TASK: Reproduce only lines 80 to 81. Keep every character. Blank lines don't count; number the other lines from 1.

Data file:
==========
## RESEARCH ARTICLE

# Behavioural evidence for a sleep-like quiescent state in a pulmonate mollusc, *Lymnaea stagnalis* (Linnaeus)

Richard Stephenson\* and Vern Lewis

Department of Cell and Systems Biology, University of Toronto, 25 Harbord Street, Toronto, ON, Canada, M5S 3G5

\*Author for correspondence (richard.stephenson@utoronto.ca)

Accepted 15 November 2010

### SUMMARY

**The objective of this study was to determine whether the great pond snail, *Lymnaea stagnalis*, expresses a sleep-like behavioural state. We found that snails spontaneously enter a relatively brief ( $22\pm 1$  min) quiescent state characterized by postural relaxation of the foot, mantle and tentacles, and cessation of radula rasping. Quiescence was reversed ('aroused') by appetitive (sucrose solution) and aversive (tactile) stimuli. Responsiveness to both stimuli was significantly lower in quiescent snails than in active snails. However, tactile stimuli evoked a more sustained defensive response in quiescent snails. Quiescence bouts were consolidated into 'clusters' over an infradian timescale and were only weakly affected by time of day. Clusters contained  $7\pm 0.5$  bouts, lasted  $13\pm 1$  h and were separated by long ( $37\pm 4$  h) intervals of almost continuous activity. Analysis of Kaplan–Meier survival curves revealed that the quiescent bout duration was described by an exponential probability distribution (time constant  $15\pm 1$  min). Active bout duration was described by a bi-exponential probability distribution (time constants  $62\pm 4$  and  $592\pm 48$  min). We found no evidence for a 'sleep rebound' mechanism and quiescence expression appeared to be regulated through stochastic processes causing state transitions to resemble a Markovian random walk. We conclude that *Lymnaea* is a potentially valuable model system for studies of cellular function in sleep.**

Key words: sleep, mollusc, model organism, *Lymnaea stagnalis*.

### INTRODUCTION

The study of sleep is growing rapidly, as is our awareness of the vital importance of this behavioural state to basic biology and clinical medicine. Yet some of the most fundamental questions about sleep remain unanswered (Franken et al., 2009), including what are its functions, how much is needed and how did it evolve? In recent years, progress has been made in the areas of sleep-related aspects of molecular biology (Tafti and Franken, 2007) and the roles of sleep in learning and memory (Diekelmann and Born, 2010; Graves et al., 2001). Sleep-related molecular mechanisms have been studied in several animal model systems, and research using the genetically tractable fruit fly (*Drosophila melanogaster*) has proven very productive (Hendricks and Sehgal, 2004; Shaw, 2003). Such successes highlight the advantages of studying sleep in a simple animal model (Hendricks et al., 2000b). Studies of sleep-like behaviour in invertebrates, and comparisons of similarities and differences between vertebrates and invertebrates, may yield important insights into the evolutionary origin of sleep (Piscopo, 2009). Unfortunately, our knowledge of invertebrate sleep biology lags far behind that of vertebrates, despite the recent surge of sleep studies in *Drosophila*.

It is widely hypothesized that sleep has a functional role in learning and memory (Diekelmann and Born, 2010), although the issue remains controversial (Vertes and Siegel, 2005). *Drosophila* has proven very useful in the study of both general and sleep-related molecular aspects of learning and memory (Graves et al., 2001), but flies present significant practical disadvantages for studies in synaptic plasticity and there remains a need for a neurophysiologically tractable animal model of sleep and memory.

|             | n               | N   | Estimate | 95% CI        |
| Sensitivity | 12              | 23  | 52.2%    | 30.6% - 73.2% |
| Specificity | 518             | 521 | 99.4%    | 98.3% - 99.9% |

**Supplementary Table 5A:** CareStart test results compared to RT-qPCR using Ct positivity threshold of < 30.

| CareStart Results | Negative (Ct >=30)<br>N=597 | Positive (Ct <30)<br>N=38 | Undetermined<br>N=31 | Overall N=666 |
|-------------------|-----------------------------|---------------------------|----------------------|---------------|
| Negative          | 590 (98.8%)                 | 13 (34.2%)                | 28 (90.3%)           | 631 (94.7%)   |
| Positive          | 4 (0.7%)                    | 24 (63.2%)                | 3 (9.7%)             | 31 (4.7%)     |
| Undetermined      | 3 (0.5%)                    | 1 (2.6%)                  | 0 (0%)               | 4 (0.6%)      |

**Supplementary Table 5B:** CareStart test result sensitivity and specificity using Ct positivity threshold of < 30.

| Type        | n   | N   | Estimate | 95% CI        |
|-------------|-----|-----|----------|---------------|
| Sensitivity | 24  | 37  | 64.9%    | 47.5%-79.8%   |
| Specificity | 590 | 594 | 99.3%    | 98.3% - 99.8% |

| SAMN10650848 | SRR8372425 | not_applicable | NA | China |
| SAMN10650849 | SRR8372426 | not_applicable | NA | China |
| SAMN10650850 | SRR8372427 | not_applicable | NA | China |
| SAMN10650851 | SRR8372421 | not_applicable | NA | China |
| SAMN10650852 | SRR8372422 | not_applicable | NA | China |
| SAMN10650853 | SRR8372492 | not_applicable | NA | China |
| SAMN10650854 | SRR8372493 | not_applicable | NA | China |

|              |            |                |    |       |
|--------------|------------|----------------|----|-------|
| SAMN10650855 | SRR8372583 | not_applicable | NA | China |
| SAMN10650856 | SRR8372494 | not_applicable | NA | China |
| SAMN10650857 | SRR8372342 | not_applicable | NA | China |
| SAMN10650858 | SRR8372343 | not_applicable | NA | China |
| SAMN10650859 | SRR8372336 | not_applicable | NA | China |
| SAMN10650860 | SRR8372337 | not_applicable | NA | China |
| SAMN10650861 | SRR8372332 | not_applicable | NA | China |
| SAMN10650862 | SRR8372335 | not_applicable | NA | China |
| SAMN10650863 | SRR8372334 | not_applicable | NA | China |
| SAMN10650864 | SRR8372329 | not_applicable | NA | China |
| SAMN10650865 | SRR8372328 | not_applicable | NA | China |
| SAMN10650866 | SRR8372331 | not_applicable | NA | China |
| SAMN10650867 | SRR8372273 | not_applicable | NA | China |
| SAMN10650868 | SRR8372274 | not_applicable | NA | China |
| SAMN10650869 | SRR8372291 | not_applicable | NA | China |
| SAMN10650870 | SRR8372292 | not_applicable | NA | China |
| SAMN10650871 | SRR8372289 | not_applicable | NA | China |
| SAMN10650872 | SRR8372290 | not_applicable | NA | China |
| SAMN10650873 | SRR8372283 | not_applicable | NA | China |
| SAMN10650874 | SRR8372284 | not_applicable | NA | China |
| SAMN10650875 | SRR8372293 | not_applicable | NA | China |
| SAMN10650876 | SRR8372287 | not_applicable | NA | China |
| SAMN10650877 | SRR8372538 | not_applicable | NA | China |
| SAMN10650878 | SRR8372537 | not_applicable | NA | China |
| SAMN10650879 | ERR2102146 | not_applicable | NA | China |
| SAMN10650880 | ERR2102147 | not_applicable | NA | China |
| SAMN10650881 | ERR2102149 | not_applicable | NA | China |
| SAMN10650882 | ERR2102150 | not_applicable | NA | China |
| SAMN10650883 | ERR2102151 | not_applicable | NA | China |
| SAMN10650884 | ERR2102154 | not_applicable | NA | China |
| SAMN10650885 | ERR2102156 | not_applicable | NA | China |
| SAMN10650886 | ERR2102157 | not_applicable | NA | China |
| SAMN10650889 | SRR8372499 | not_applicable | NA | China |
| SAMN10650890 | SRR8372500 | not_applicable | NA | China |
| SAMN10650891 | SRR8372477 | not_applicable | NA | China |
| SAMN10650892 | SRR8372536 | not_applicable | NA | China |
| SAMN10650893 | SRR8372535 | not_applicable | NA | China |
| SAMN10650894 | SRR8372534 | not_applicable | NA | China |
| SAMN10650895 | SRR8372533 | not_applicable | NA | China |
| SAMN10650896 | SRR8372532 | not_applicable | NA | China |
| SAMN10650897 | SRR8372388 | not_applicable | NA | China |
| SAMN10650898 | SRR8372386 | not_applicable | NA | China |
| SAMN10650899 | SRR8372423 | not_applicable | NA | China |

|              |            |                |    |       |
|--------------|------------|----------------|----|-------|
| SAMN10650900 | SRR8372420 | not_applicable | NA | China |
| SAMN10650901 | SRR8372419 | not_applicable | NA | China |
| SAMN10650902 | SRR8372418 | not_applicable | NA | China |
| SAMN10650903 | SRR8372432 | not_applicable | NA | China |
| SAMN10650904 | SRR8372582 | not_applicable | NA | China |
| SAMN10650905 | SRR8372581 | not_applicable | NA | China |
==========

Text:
|--------------|------------|----------------|----|-------|
| SAMN10650900 | SRR8372420 | not_applicable | NA | China |